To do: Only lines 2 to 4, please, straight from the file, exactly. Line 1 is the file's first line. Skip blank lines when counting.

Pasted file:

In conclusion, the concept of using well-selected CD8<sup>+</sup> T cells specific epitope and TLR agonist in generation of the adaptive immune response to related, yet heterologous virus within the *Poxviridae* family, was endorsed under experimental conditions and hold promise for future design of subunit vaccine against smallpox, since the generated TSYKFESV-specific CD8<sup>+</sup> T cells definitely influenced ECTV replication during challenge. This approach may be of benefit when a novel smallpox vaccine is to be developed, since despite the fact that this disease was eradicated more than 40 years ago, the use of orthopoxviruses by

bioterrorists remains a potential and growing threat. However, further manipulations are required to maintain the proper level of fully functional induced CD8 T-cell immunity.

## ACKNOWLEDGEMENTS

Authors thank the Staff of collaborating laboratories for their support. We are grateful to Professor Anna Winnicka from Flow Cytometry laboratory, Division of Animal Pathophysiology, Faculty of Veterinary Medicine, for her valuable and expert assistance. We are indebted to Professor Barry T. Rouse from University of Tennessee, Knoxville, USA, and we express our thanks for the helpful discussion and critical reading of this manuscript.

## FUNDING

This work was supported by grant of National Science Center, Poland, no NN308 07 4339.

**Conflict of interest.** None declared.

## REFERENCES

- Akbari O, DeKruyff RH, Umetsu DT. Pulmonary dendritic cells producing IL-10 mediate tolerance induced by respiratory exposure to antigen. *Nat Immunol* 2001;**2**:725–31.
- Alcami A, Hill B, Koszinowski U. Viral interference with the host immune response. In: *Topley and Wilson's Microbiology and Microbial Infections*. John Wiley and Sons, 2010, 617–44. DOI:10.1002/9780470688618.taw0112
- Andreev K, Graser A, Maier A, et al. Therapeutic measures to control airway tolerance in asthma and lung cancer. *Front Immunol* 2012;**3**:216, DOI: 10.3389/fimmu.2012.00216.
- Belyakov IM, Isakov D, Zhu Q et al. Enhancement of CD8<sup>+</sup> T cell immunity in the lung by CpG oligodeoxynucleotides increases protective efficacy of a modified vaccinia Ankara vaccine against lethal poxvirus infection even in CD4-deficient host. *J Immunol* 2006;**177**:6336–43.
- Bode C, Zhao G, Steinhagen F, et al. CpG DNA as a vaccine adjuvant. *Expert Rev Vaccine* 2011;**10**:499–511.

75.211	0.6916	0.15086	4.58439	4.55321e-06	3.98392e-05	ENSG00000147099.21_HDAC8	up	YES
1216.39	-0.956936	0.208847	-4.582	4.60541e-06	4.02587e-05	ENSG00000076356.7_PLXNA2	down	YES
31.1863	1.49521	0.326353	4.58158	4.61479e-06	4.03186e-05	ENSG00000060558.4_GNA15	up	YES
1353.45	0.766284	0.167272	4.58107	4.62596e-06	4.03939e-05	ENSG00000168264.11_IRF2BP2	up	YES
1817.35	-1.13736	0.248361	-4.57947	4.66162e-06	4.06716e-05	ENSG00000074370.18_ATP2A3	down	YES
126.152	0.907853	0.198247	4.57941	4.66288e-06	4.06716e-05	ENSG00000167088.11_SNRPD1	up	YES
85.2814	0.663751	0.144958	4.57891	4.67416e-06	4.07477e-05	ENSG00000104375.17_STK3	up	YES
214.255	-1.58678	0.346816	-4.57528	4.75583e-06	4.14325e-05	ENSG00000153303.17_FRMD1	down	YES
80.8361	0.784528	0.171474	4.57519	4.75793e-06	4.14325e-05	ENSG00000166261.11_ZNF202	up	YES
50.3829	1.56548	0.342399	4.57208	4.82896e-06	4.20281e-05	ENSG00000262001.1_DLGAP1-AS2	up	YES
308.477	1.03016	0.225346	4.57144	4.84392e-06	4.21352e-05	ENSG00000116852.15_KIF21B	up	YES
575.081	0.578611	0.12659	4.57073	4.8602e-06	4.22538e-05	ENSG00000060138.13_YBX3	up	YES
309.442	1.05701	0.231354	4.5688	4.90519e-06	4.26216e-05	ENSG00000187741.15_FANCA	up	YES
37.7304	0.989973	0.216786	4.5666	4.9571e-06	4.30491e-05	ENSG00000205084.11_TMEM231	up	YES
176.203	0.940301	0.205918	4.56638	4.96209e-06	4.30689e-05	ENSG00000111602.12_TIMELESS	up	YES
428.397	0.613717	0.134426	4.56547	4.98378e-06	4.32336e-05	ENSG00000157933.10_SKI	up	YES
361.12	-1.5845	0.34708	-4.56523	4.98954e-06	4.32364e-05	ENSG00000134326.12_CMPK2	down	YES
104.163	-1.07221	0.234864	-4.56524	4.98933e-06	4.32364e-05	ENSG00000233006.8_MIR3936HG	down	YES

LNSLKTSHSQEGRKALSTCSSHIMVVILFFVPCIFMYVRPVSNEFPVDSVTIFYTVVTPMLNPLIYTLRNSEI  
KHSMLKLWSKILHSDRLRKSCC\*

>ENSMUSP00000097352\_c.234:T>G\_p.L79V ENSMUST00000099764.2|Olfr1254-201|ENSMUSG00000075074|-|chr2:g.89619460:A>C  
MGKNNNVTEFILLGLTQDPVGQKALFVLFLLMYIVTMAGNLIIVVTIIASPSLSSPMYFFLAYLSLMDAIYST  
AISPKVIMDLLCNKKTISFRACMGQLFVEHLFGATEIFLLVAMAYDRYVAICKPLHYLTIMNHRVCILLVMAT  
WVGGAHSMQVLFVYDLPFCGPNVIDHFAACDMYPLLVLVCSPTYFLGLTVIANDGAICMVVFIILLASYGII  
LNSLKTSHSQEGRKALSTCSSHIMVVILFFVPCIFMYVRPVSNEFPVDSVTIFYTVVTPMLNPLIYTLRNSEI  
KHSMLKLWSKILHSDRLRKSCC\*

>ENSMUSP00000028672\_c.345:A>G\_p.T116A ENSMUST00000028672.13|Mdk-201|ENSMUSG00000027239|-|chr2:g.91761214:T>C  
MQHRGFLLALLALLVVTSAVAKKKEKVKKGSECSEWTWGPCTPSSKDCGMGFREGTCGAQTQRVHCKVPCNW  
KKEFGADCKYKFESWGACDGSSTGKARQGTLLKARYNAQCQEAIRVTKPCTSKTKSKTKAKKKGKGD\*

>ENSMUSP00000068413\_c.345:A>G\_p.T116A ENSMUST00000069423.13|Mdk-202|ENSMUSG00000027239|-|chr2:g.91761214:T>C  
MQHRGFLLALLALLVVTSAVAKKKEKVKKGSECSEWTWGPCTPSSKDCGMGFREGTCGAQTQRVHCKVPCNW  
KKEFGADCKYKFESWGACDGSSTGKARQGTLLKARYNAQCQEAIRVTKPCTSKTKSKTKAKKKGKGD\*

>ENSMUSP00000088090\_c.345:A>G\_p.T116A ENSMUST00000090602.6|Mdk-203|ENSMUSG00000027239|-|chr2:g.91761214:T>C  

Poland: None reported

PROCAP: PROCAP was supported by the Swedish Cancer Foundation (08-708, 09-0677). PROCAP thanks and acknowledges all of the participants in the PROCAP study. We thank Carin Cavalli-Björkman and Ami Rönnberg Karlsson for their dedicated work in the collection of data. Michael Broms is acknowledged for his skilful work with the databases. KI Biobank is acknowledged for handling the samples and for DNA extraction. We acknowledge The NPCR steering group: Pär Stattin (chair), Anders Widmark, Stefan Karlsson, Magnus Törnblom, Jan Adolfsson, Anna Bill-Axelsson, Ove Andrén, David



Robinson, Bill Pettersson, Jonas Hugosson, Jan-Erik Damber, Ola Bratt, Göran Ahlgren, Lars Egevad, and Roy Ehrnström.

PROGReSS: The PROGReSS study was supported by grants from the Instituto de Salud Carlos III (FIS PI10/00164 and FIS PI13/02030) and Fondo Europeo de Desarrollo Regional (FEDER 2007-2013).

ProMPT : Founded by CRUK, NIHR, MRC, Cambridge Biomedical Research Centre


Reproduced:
bioterrorists remains a potential and growing threat. However, further manipulations are required to maintain the proper level of fully functional induced CD8 T-cell immunity.

## ACKNOWLEDGEMENTS

Authors thank the Staff of collaborating laboratories for their support. We are grateful to Professor Anna Winnicka from Flow Cytometry laboratory, Division of Animal Pathophysiology, Faculty of Veterinary Medicine, for her valuable and expert assistance. We are indebted to Professor Barry T. Rouse from University of Tennessee, Knoxville, USA, and we express our thanks for the helpful discussion and critical reading of this manuscript.